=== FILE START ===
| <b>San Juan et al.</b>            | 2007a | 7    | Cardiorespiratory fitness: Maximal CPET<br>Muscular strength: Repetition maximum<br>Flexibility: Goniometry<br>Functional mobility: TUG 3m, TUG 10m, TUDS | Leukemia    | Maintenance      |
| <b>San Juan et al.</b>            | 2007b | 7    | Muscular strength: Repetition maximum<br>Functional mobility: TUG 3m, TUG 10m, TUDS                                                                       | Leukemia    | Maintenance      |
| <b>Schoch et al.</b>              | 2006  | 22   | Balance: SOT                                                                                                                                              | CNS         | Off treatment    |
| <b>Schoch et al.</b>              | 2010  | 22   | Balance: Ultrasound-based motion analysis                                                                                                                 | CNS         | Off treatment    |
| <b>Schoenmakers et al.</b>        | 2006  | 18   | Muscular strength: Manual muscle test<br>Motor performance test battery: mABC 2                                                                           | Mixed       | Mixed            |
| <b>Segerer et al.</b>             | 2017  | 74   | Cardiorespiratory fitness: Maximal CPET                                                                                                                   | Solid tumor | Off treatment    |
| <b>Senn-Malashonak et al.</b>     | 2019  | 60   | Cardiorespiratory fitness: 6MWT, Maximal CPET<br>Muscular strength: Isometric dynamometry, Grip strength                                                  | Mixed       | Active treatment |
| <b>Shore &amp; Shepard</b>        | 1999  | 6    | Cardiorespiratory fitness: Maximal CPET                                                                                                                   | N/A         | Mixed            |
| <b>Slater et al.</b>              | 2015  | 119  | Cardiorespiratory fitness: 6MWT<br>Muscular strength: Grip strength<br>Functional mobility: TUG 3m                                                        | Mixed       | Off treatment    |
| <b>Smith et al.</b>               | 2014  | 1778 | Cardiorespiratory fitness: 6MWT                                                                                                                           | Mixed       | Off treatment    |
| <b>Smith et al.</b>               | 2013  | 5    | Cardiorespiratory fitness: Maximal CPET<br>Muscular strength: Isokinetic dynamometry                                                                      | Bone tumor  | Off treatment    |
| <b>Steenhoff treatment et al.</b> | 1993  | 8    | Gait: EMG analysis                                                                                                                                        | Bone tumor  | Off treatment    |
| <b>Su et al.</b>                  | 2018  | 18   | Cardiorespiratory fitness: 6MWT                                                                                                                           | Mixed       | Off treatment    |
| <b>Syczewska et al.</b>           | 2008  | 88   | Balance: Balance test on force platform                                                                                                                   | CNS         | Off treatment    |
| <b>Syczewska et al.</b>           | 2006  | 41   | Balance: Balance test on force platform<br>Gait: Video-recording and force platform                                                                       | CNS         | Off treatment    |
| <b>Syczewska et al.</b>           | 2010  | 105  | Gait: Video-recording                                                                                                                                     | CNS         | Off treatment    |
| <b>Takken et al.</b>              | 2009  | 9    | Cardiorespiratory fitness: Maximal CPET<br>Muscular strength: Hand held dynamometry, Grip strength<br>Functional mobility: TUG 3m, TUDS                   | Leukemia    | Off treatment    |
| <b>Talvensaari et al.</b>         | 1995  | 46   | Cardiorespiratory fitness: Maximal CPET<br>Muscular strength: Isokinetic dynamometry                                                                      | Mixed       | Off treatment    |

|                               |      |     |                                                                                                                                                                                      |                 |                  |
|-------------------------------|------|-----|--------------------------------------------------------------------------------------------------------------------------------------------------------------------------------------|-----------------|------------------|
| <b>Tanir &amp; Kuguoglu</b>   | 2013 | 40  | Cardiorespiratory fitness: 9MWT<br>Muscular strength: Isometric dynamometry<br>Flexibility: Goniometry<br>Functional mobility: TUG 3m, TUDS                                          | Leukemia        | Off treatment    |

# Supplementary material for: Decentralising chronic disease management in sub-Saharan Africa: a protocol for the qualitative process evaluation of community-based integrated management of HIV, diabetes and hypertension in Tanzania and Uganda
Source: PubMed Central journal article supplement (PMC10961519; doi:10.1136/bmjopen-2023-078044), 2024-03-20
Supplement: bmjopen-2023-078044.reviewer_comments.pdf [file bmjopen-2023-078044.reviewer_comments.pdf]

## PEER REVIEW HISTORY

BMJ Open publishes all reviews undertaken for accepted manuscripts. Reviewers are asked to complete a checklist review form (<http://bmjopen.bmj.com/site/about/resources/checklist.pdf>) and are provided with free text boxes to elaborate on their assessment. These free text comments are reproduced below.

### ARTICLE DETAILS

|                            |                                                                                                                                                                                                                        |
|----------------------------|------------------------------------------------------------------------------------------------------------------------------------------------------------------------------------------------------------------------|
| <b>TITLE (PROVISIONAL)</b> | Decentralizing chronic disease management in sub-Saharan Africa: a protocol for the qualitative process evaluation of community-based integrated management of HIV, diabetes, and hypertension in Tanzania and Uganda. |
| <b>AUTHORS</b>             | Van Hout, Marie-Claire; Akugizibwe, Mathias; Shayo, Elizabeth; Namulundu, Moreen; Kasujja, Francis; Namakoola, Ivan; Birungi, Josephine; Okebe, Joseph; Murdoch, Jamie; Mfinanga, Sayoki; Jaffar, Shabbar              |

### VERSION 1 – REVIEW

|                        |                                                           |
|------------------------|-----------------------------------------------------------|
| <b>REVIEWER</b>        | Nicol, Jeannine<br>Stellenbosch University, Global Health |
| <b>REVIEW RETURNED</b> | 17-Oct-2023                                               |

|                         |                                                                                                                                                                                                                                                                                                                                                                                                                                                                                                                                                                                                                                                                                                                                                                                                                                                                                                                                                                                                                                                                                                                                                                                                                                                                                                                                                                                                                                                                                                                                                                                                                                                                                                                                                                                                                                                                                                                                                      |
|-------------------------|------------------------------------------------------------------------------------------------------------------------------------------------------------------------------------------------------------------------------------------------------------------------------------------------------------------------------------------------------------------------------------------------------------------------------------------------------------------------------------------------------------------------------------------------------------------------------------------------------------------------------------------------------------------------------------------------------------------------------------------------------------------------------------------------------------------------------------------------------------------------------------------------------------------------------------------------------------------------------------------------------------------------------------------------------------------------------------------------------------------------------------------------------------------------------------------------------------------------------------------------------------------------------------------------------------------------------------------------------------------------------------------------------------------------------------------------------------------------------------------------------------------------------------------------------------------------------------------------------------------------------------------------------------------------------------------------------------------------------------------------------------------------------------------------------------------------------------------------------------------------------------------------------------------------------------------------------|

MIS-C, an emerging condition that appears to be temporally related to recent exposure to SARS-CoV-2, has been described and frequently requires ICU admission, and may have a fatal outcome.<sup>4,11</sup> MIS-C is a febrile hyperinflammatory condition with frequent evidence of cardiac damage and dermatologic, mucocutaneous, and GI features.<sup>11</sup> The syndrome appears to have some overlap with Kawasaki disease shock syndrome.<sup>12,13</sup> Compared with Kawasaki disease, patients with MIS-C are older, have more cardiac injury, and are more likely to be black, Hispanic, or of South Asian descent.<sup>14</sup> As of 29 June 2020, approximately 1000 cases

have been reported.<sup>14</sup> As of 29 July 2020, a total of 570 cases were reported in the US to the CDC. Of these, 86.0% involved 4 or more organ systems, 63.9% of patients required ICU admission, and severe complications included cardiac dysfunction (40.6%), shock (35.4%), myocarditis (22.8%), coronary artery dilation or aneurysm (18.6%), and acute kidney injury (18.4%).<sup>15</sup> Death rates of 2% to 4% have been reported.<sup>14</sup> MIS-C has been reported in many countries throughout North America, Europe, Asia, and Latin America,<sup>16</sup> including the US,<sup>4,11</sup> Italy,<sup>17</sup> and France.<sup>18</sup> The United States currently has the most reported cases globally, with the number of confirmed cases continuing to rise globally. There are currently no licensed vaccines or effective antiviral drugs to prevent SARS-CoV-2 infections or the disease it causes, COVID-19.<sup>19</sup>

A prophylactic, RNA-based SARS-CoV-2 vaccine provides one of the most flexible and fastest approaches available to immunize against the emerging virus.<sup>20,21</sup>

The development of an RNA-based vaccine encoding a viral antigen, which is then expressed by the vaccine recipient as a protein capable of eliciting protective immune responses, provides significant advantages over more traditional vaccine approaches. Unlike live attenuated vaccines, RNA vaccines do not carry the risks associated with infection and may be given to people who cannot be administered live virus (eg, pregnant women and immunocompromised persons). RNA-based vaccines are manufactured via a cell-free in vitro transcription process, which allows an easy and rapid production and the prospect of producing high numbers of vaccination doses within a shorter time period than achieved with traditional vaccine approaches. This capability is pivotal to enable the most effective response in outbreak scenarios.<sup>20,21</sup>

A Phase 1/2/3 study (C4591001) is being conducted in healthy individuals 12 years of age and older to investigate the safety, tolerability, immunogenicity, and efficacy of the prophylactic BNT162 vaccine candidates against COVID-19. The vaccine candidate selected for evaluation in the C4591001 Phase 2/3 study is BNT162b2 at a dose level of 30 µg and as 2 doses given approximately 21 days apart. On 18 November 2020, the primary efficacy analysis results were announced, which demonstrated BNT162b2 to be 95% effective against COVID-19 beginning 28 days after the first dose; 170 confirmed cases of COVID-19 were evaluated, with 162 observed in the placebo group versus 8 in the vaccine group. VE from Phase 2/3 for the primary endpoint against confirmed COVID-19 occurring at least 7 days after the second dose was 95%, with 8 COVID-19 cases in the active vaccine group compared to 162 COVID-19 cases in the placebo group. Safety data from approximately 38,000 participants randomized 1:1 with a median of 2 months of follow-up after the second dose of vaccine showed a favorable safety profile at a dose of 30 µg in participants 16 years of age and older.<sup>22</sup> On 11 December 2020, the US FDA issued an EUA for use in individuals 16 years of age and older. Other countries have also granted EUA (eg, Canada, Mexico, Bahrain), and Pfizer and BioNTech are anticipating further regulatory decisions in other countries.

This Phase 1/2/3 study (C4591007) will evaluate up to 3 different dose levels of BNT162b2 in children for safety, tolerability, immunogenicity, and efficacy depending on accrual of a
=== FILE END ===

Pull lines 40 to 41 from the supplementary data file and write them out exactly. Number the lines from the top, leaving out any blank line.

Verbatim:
have been reported.<sup>14</sup> As of 29 July 2020, a total of 570 cases were reported in the US to the CDC. Of these, 86.0% involved 4 or more organ systems, 63.9% of patients required ICU admission, and severe complications included cardiac dysfunction (40.6%), shock (35.4%), myocarditis (22.8%), coronary artery dilation or aneurysm (18.6%), and acute kidney injury (18.4%).<sup>15</sup> Death rates of 2% to 4% have been reported.<sup>14</sup> MIS-C has been reported in many countries throughout North America, Europe, Asia, and Latin America,<sup>16</sup> including the US,<sup>4,11</sup> Italy,<sup>17</sup> and France.<sup>18</sup> The United States currently has the most reported cases globally, with the number of confirmed cases continuing to rise globally. There are currently no licensed vaccines or effective antiviral drugs to prevent SARS-CoV-2 infections or the disease it causes, COVID-19.<sup>19</sup>

A prophylactic, RNA-based SARS-CoV-2 vaccine provides one of the most flexible and fastest approaches available to immunize against the emerging virus.<sup>20,21</sup>